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The ghosts of Angel

Three for the price of one today – three sound artists have tackled the sounds of Angel station’s ticket hall, and it’s fascinating to hear the different approaches to the same sound source.

City version:

First up is Tom Miller, who takes a historical perspective:

“The corner of Islington High Street and Pentonville Road has long been an important London crossroads. For some 500 years it was the site of various incarnations of The Angel, a legendary pub and travelers’ inn.

“The adjacent underground railway station opened in 1901. A century ago, such rail hubs were scenes of transport for British troops heading to the front in the First World War.

angel“In this mix, sounds of the bustling contemporary underground station blend with static carrying traces of the ghosts of the First World War, from the excitement and good-byes of leaving for the front to the poison gas bombardment and carnage of trench warfare.

“The resonant frequencies of the Angel Islington ticket hall resolve into the echoes of a choir and the voice of Lieutenant-Colonel John McCrae reciting his famous poem, a memento mori for the hundreds of thousands of soldiers who never returned home from the battlefields of Ypres and the Somme.”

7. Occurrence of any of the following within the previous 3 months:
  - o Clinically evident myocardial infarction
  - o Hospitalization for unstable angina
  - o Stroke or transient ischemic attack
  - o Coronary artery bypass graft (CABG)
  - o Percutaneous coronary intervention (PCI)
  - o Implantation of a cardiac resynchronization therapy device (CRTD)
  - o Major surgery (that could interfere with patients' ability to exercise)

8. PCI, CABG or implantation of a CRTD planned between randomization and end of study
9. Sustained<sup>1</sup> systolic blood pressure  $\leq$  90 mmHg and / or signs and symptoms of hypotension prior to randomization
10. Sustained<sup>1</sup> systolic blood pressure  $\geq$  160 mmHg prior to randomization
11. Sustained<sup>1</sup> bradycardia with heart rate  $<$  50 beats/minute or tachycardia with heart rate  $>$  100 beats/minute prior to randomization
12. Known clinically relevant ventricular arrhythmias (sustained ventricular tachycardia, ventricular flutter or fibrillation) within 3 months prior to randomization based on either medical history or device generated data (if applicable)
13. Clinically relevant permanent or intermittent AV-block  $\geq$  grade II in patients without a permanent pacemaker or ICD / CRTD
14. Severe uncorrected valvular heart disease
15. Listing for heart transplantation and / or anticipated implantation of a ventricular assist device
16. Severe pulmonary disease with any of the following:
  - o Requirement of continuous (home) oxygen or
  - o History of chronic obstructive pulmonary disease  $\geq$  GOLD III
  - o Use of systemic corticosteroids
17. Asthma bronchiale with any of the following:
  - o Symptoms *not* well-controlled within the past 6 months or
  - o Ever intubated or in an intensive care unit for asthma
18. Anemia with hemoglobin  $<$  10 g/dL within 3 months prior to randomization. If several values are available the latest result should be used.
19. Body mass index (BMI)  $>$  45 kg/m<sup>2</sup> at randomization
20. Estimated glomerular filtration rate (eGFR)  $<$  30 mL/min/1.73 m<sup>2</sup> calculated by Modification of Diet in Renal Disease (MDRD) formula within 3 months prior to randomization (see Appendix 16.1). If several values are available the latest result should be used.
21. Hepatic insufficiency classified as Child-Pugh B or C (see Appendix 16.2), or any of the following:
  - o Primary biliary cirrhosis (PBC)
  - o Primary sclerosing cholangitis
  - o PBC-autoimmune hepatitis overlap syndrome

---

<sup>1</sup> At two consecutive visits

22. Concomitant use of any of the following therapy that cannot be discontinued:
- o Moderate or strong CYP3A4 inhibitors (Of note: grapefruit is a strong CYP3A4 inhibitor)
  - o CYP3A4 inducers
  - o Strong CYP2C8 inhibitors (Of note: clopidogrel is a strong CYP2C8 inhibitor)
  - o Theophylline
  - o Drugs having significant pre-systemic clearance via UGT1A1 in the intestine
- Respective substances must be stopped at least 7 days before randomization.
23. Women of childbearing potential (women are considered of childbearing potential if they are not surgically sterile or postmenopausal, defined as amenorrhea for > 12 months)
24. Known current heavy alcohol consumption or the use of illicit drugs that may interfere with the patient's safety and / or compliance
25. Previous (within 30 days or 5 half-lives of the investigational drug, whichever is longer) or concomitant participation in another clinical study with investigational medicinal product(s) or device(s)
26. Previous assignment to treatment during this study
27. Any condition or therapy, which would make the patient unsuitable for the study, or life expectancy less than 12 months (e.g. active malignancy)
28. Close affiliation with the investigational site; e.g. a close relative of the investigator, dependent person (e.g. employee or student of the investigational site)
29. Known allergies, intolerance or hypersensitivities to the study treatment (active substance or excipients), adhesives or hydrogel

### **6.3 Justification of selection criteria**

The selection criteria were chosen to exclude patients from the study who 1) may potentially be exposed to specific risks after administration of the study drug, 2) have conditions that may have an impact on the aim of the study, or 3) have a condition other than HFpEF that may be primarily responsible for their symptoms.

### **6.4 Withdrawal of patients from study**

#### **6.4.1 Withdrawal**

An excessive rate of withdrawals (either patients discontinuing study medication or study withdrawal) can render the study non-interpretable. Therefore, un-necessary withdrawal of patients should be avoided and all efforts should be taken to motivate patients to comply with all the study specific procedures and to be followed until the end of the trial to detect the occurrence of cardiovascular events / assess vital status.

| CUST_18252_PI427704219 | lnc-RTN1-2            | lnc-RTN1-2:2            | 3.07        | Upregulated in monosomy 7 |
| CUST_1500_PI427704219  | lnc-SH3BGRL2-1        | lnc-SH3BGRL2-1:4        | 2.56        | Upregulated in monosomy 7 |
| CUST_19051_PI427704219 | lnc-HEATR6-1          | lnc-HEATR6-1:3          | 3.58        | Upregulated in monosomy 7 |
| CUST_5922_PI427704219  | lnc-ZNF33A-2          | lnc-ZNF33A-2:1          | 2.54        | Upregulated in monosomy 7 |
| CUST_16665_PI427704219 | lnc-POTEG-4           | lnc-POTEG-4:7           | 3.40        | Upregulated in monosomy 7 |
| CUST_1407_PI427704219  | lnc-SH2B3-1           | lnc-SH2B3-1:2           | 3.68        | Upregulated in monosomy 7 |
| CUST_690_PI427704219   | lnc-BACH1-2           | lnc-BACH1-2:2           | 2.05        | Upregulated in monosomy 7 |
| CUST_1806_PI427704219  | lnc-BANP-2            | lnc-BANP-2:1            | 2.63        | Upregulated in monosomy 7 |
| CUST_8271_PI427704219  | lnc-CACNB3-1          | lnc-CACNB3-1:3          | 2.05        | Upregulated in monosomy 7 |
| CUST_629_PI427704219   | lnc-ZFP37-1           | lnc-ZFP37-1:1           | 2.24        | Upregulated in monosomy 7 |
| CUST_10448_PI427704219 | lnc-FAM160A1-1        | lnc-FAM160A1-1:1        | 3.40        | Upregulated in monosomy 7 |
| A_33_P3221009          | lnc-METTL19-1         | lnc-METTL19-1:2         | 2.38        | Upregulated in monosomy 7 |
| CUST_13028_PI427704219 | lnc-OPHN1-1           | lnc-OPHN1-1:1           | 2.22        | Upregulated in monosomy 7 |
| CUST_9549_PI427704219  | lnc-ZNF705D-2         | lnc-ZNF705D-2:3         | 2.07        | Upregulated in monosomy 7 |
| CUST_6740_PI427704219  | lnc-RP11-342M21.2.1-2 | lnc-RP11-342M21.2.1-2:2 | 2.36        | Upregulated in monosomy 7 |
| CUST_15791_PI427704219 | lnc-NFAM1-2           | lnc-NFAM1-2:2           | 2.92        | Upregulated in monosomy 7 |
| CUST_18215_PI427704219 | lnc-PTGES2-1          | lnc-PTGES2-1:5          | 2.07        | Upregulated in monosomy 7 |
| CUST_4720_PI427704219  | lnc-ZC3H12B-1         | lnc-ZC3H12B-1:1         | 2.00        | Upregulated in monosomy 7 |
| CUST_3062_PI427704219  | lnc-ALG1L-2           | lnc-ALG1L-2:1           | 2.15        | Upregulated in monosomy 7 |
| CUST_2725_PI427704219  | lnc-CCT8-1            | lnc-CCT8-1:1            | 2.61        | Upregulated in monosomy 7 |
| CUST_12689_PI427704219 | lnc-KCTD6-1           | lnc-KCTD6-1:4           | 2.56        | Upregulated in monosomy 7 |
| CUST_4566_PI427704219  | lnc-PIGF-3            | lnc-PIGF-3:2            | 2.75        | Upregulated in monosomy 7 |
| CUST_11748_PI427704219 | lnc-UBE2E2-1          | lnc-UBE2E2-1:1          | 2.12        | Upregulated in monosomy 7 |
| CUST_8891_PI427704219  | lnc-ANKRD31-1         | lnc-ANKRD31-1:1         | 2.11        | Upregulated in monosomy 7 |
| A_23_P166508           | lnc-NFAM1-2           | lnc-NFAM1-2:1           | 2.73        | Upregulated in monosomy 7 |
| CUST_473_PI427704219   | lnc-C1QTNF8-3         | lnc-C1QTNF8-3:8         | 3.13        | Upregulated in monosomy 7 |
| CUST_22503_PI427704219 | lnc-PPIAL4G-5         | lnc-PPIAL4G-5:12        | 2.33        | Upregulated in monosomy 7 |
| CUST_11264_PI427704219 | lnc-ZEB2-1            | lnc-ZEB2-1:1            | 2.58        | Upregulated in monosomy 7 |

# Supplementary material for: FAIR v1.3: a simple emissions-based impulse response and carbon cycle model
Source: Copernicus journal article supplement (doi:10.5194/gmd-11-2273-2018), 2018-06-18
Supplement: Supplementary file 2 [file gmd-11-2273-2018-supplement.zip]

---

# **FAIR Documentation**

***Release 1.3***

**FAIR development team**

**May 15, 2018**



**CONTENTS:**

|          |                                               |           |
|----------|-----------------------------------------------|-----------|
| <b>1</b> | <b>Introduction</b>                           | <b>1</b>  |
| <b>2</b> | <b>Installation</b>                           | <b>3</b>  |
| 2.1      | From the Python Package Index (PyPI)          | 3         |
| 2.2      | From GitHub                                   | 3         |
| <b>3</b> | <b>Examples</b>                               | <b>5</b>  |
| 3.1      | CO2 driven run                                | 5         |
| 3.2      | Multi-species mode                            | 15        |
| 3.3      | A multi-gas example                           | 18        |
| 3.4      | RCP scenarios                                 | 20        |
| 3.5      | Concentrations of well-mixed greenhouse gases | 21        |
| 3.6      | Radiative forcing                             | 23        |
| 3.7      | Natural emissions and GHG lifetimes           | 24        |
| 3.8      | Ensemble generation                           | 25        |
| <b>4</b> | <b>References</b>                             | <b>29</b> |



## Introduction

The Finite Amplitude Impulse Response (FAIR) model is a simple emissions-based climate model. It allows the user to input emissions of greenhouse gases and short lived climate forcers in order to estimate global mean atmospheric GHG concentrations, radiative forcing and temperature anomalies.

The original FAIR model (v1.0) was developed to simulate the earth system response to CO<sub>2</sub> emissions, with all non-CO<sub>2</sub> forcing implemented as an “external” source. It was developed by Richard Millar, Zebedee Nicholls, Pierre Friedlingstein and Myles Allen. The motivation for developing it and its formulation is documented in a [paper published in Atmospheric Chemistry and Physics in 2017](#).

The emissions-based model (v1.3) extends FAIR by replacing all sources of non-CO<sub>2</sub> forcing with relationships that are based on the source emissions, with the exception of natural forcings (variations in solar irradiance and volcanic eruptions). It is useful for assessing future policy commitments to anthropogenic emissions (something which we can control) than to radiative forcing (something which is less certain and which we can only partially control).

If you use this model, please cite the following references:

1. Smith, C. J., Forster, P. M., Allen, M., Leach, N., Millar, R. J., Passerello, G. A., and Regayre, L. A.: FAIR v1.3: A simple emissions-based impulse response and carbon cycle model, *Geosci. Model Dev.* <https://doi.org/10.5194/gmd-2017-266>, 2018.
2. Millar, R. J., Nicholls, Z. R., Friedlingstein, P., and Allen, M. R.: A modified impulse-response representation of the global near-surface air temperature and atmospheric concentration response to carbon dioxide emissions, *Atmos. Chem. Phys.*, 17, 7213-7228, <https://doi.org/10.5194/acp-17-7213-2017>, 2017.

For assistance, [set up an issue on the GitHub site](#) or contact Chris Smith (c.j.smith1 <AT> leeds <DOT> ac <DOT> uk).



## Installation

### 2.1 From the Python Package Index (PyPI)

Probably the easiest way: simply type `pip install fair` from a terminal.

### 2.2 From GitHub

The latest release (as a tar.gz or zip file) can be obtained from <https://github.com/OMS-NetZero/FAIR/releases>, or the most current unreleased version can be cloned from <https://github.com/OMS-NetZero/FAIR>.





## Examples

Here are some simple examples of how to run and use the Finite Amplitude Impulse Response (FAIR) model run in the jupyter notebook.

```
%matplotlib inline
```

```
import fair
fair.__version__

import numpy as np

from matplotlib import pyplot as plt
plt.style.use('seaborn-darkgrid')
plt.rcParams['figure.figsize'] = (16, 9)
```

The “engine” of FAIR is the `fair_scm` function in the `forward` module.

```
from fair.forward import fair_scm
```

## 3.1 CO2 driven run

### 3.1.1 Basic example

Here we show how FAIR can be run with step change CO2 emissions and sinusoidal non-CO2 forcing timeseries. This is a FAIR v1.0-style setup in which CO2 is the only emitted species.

Audio sources:

  • Angel Islington ticket hall c. 2016 Cities and Memory & London Sound Survey
  • Audio dramas or “descriptive sketches” from 1916-1918 (contemporaneous recorded re-enactments of war scenes by Maj A. E. Rees and others)
  • Gas Shells Bombardment (1918) Leaving for the Front (1917) For Valour (1917) With Our Boys At the Front (1916) In the Trenches (1917) The Big Push (1917) from Historic Voices XI: The Great War LP (Saland Publishing 2008)
  • Popular songs from the front and the home front There’s a Long, Long Trail – John McCormack (1917)
  • Victrola 10” shellac 64694 Keep The Home Fires Burning – John McCormack (1914)
  • Victrola 10” shellac 64696 Will You Remember – Alice Green and Raymond Dixon (1918)
  • Victor 10” shellac 18399-A In Flanders Fields Poem recited by John McCrae Lest We Forget… LP Imperial War Museum AV00824 (2013)
  • Choral setting by John Jacobson Brisbane Birralee Voices Voices of Birralee – Come to the Music LP (2000)

Memory version by Tom Miller:

Next is Andy Lyon, one of our most regular contributors, who writes of his piece:

“The song was arranged, produced and recorded live in Usine Hollyhock II. I’ve used TAL Noisemaker for the synth, Bass Engine CM, Breaktweaker for the kick rhythm with groove matrix and homing pad in Hollyhock for percussive rhythm and Aalto for some effects.

“The recording has been cut up and used for the percussive rhythm, I’d like to say it was intentional to make a sound like travelling on the tube however it was accidental. I’ve also used various voices from the recording at normal pitch and also re-pitched and processed with delays.”

Memory version by Andy Lyon:

And finally, a third take on the same sound by Yol:

“The original file was put into an app called Samplr and then played on a loop, slowed down in places etc., and the vocals/feedback/other sounds were added over that, all in real time.

“It’s a hard track, i’ve given the source file a bit of a battering but a lot of it still comes through.

“The whole thing sums up my love/hate relationship with the tube. Everyday paranoid mobility.”

Memory version by Yol: